Now that I'm in the real world (and working in tech banking), I hear from a lot of students claiming they're interested in working in/around technology, and asking for advice on how to learn more about the industry and keep up with trends. In order to save myself some time and not be forced to repeat the same answers on every networking call, I figure I'll list out some of the resources I use daily, and what I've found helpful in building out my knowledge set in technology.
A subset of the newsletters/blogs I subscribe to (in no particular order):
- DealBook & Term Sheet (everybody should subscribe to these, even if you have zero interest in technology)
- Stratechery (I cannot recommend this newsletter enough - one of the most valuable sources of insight I've ever encountered)
- The Information (a bit pricey for students, but useful if you're really invested in this)
- A16Z Weekly & Ben Evans' blog
- Mattermark Daily
- ...likely missing some
As you can likely imagine, I definitely do not read all of the above everyday (or I would spend my whole day reading). I will skim (and selectively read) almost all of them, and when the headlines start looking identical I'll stop doing that as well. If you're low on time and only want to commit to reading three of the resources mentioned above, my top 3 would be Stratechery, StrictlyVC and A16Z Weekly.
The truth, however, is that even if you end up reading all of the above newsletters every single day, you will take a long time to get familiar with a lot of the proprietary terminology and obscure concepts that tech guys like to use. Unlike most other industries (you don't need a PhD to understand the economics of a Coach bag), many of the underlying technologies enabling revolutionary trends today are obscure and technical in nature. Also, there are so many subverticals within the tech space that trying to understand all of them is damn near impossible.
If you're a beginner, I would approach learning about technology like this (most of you will focus on Consumer Internet so I'll just write about that):
1. Know that understanding "the tech industry" is a ridiculous task and that building a specific area of expertise with adjacencies is far more practical and valuable in the long run
2. Figure out the area you want to focus on. For most of you it will be Consumer Internet - to understand it, you should read initiating coverage/primers on Google/Alphabet, Netflix, Facebook and Amazon at the very least. If you don't have access to research, reading investor presentations and annual reports is a recommended replacement, although you should supplement those documents with any free research/insights you can find (Stratechery and A16Z come in handy for this)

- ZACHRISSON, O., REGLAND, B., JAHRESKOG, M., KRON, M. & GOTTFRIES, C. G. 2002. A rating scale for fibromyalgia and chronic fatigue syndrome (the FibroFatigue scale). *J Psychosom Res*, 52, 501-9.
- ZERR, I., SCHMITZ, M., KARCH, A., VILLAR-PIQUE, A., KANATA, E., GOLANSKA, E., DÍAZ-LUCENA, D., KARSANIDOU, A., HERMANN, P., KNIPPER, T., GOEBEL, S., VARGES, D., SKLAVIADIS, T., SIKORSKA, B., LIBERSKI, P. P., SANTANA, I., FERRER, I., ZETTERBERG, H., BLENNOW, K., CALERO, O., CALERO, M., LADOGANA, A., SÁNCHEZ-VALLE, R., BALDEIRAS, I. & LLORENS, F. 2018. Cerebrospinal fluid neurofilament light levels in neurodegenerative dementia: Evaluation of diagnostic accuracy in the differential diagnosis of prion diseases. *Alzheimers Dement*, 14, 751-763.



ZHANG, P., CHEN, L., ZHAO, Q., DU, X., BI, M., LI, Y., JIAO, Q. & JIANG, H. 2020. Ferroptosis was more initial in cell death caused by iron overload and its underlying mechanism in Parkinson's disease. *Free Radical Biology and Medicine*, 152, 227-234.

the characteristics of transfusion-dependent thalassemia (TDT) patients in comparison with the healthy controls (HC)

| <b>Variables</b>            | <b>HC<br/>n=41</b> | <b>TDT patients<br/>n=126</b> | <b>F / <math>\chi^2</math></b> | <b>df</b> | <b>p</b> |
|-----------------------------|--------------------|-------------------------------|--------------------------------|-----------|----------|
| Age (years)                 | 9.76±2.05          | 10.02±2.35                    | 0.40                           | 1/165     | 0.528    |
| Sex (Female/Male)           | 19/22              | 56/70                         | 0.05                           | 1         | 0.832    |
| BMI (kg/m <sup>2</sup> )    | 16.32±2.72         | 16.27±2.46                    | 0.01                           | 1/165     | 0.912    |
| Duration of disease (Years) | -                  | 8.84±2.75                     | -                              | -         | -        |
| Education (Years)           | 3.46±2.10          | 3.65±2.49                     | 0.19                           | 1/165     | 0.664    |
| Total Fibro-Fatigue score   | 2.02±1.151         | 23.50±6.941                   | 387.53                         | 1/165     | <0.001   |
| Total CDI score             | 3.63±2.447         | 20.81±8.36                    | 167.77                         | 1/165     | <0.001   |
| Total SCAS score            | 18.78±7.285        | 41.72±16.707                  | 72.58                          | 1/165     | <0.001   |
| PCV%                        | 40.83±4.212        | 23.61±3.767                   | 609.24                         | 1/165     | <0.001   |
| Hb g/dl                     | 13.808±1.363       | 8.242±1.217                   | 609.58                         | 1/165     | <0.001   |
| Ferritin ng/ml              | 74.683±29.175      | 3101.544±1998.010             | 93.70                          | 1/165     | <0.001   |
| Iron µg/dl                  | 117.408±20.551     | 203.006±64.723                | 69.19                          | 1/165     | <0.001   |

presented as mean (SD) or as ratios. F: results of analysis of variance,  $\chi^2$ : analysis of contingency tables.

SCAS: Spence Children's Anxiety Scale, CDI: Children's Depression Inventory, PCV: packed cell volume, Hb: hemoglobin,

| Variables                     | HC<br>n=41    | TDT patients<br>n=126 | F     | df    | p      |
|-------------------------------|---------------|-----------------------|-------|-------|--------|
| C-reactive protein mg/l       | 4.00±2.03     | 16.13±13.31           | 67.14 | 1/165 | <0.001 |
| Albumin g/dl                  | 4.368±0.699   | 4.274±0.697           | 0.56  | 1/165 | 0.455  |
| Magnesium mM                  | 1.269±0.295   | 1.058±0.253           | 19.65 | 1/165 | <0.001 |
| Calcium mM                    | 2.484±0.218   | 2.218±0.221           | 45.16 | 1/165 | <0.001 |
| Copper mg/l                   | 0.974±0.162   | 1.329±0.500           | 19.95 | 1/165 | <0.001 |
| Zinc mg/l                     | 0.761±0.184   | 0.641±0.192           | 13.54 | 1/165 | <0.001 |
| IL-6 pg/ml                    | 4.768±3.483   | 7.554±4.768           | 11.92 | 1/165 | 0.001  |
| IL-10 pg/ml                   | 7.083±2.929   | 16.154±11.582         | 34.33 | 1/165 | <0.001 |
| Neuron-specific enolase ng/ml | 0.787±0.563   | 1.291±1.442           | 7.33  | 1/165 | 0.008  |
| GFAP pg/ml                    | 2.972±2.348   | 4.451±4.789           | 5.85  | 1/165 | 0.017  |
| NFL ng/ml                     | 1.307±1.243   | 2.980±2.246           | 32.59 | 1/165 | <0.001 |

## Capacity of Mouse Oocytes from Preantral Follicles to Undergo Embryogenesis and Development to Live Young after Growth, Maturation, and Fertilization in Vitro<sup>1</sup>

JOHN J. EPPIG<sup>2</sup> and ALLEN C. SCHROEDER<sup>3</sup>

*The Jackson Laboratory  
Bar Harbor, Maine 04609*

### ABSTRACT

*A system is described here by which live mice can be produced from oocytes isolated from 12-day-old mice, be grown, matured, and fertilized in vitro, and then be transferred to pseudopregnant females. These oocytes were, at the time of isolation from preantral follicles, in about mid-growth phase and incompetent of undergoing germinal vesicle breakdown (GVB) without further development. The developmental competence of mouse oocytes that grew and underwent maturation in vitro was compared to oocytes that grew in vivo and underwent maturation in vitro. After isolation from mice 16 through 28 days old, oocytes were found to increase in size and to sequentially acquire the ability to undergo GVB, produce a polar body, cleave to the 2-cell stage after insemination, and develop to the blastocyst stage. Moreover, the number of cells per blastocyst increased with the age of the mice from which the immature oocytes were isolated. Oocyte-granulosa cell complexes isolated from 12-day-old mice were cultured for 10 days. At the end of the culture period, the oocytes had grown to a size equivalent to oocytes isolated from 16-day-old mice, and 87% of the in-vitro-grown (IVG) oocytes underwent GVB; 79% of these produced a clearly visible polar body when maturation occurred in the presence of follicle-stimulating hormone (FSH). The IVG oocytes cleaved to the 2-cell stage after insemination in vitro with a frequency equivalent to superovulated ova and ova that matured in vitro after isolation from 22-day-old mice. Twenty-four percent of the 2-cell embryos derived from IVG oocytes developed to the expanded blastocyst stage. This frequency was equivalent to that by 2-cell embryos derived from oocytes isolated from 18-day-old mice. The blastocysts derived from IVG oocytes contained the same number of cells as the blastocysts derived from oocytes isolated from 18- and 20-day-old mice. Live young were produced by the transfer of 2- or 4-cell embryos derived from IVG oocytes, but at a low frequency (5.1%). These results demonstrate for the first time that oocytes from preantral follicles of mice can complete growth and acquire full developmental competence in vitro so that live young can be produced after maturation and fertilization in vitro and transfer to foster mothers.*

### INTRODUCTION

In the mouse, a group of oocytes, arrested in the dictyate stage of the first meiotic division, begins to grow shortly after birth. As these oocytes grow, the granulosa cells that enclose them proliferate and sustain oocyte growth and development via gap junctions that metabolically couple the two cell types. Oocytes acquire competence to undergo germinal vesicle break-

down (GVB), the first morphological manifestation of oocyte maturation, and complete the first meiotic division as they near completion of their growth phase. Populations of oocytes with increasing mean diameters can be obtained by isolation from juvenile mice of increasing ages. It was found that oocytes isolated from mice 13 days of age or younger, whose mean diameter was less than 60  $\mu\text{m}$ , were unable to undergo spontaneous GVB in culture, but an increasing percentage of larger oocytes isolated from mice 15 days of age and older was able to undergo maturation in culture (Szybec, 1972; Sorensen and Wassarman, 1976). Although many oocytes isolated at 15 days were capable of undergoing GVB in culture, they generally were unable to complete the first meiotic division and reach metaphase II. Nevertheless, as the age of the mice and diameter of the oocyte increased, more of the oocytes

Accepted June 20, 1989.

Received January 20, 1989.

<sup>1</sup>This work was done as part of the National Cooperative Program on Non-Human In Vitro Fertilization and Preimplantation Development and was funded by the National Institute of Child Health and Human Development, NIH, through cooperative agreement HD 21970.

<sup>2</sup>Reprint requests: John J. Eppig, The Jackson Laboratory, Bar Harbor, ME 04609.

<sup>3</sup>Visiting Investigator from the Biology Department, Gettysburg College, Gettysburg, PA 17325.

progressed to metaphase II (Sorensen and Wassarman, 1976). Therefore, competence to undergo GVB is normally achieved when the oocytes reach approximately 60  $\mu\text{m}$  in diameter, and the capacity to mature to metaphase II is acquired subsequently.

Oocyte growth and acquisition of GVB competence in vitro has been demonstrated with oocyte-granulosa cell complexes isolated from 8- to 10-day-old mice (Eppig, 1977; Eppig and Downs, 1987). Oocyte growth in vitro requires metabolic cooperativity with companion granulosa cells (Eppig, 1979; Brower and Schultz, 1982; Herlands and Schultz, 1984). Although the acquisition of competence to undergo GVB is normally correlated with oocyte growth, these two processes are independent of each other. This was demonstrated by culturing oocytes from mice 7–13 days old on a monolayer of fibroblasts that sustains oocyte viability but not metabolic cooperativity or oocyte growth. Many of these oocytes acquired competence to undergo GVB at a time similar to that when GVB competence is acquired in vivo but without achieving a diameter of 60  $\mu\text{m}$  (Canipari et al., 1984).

3. Read the Kleiner Internet Trends report. Read more than one if you can.
4. Find articles online about concepts like network effects and Metcalfe's Law (especially relevant now), the Hype Cycle, Aggregation theory, Moore's Law, etc.
5. At this point you'll have the ability to interpret news about the industry, and perhaps begin to understand implications of things for yourself (like why Microsoft bought LinkedIn)
A few things about the above recommendations:
- Obviously different sectors take different kinds of steps to learn. For the most part, learning about the incumbents is a good place to start, although for semiconductors/electronics that's a pretty daunting task
- Technical expertise is different for each subvertical. Cybersecurity and electronics tend to be pretty technical, while Consumer Internet does not.
- When you've built a groundwork on understanding domestic Internet trends, you should start learning about China and India
It's important to understand that true tech guys in Silicon Valley are not impressed by suit-wearing Wall Street types. They believe in technology almost to a fanatical, religious extent.
There are many of you out there (and many of my friends) that doubt technology and its value. You look at unicorn valuations and claim "bubble!" You look at how we act with smartphones in our hands and lament the impersonality and superficiality of the new generation. You miss the good ol' days, so to speak.
But just take a minute to think about what you've been given, and what you take for granted. Today, a kid in a dark room with just an Internet connection, a laptop and an iPhone can make a greater impact on the world than George Washington could with his entire army back in the 1700s. We've seen technology start political revolutions. We've seen technology lift entire countries out of poverty and create trillions of dollars of wealth.
Because of technology, we are each now more empowered than we have ever been in history. We can talk to and influence people around the world no matter their socioeconomic class. We can gain expert-level knowledge on nearly every subject imaginable. Governments and corporations are held responsible for their blunders and are being forced to be more transparent. And the power to create has been democratized as well, meaning everyone can make their own dent in the Universe with a bit of luck and a lot of hard work.
The best way to start learning more about tech is to actually be interested in the sector, and to believe in the mission. Then you'll have the motivation and the curiosity to explore the sector to a depth that would impress an interviewer.